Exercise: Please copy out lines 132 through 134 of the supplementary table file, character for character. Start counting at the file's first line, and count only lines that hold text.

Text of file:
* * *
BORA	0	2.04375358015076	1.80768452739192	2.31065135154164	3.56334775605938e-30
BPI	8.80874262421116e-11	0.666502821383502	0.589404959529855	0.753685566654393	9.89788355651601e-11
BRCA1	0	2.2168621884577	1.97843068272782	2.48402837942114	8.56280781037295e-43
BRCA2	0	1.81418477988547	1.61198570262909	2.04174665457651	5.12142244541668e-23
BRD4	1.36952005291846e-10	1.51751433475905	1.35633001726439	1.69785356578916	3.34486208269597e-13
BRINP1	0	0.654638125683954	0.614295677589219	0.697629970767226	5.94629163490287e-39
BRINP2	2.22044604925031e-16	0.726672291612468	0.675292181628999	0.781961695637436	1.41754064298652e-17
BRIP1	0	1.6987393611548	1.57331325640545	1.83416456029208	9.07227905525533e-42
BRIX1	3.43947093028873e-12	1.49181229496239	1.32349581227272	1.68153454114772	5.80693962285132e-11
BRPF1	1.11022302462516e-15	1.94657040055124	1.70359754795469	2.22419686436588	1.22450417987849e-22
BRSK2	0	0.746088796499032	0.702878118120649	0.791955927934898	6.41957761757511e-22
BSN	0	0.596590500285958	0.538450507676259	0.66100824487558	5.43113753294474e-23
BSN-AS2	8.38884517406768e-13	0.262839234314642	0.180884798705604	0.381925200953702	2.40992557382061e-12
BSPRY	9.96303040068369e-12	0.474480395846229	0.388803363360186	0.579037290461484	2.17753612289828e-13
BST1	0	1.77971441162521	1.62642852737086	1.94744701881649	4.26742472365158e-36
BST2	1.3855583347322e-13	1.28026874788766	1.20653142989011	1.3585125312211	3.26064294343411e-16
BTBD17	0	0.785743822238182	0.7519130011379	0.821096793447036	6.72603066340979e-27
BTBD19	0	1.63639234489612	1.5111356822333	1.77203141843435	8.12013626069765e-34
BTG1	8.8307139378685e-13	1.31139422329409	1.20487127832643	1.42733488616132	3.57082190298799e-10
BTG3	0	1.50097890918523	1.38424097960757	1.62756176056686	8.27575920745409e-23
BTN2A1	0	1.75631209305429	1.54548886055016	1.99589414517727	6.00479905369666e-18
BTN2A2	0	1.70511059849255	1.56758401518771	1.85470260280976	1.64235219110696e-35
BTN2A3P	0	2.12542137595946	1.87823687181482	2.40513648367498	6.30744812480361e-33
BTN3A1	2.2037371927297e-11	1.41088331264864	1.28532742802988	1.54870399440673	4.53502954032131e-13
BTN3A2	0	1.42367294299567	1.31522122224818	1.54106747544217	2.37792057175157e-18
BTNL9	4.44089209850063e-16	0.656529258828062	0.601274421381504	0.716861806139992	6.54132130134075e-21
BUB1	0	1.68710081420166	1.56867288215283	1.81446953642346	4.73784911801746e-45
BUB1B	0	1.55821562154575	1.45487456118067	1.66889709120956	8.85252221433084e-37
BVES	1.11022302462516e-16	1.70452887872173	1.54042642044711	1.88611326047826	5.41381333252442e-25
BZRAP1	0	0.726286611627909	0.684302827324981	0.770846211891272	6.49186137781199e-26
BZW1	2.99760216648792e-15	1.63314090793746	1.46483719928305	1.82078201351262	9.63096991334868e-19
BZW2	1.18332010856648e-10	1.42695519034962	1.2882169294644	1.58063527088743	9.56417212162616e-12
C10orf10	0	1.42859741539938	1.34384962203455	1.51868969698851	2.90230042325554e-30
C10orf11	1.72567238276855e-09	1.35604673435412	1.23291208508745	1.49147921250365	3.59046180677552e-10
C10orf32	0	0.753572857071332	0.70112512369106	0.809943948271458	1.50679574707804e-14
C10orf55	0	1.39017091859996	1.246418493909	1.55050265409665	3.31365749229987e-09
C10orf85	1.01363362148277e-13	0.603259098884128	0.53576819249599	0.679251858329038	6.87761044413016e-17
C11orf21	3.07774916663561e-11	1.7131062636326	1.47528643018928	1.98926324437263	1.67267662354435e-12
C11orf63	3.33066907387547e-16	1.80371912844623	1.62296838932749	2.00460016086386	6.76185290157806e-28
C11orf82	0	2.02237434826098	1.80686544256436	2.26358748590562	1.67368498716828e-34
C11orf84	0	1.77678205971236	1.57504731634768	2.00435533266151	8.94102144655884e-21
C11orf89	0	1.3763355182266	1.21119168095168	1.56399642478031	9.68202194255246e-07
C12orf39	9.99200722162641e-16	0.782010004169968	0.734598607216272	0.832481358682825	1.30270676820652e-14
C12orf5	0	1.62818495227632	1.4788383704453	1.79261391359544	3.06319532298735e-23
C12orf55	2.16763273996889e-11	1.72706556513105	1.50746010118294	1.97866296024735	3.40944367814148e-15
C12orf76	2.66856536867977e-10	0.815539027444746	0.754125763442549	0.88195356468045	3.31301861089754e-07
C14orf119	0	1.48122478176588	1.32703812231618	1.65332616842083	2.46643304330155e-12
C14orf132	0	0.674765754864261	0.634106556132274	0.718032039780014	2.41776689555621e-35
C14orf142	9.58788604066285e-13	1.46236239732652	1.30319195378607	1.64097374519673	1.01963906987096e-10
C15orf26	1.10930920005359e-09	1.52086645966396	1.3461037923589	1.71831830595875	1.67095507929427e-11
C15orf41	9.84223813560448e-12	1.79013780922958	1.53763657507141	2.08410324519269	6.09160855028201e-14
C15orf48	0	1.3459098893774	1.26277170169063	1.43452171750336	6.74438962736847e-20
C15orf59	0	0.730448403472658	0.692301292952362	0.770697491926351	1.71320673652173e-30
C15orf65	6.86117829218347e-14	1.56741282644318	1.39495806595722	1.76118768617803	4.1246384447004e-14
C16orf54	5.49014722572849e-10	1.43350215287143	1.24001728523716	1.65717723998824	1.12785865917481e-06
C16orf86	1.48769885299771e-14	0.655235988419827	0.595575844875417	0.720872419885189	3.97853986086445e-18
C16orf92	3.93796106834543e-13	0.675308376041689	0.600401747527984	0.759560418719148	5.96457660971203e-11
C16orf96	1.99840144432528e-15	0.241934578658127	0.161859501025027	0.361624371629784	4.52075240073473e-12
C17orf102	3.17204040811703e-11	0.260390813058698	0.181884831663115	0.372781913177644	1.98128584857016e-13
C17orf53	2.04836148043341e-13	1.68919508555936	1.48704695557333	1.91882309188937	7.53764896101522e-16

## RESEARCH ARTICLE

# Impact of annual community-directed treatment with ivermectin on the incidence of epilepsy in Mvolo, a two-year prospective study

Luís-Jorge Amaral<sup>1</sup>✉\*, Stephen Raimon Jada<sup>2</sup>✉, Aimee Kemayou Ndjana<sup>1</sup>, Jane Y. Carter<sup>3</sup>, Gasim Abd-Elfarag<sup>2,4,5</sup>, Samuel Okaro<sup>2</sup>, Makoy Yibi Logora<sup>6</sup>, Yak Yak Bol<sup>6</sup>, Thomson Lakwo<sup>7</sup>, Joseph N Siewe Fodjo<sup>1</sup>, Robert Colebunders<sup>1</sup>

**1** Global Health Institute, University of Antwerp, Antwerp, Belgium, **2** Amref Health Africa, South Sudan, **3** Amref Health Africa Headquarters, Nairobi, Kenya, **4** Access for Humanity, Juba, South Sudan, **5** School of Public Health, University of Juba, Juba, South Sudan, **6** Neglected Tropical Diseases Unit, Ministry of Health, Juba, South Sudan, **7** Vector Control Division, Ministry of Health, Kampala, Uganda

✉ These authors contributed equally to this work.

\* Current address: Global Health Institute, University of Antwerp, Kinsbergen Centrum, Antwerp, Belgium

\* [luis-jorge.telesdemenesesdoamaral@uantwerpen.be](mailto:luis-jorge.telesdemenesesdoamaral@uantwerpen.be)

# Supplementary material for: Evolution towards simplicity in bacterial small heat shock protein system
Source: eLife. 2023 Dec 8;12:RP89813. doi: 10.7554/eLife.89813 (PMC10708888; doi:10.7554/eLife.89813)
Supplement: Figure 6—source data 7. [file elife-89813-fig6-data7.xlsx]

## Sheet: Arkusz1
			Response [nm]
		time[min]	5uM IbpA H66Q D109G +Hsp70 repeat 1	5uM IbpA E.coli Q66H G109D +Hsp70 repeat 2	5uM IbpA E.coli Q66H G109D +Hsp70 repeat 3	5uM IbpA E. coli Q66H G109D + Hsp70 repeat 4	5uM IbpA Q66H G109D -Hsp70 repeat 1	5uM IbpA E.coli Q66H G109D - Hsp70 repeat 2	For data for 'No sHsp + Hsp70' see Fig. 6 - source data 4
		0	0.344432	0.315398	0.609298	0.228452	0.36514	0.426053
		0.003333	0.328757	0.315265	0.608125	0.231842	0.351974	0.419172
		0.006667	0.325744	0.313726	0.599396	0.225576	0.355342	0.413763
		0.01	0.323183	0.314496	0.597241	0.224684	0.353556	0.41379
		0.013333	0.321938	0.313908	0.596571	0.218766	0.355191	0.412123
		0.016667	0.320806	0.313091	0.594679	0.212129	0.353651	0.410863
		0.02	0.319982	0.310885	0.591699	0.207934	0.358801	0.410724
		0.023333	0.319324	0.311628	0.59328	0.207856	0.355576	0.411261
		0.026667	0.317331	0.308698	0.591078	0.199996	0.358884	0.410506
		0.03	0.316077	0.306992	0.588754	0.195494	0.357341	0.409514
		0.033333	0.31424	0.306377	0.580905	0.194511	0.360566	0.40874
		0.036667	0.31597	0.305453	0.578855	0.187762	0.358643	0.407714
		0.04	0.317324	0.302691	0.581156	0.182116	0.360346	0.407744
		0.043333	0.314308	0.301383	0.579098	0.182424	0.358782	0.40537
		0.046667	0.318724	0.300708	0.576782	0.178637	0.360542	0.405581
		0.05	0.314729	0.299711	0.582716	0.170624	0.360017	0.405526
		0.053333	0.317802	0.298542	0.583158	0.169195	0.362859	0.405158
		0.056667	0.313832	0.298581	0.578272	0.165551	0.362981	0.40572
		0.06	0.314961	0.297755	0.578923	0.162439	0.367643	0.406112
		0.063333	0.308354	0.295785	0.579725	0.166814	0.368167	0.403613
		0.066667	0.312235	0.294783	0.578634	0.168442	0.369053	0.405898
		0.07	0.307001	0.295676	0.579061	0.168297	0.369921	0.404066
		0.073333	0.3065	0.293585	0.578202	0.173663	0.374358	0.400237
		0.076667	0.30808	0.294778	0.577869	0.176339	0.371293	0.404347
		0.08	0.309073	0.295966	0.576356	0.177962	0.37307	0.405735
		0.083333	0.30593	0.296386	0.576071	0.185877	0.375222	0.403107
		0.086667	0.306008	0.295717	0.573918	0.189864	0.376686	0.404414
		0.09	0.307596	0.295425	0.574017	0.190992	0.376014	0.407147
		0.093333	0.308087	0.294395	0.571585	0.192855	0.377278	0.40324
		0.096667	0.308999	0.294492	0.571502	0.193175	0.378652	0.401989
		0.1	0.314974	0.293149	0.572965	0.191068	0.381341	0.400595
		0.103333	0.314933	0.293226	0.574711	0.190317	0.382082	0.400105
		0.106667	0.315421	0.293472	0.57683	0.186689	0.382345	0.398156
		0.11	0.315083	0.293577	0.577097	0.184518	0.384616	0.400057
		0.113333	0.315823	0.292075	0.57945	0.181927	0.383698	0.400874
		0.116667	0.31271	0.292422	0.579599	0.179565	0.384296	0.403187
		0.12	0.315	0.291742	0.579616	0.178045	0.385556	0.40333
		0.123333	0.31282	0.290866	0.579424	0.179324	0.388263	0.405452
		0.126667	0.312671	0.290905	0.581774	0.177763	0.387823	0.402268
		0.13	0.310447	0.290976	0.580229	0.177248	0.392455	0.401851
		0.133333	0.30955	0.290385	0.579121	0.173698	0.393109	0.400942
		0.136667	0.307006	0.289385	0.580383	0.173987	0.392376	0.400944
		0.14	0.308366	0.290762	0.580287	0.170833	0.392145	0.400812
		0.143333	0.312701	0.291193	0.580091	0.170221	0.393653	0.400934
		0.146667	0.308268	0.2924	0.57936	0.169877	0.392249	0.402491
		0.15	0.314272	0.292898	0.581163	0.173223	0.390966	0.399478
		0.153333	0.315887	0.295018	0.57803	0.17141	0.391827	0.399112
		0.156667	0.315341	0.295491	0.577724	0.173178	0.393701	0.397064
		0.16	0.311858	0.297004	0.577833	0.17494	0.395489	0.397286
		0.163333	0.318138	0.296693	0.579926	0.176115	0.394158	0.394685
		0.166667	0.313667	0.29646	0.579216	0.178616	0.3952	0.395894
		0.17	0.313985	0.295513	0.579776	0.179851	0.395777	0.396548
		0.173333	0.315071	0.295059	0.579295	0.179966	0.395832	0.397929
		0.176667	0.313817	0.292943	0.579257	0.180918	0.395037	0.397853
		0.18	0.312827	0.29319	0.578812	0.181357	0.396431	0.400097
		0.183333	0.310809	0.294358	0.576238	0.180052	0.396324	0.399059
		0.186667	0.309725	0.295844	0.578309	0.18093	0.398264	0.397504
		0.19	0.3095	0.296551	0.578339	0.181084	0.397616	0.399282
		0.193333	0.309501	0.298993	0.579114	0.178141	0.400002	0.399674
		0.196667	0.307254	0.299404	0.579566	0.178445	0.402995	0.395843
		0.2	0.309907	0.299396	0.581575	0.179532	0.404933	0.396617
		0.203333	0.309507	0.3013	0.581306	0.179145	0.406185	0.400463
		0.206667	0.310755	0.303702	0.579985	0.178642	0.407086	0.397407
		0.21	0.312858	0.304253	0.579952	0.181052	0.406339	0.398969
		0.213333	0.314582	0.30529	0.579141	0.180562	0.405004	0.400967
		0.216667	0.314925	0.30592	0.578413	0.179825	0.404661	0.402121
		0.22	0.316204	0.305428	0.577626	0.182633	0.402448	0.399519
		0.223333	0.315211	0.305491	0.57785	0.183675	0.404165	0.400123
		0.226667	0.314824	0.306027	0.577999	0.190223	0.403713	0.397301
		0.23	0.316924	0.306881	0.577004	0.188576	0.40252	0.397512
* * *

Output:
		0.193333	0.309501	0.298993	0.579114	0.178141	0.400002	0.399674
		0.196667	0.307254	0.299404	0.579566	0.178445	0.402995	0.395843
		0.2	0.309907	0.299396	0.581575	0.179532	0.404933	0.396617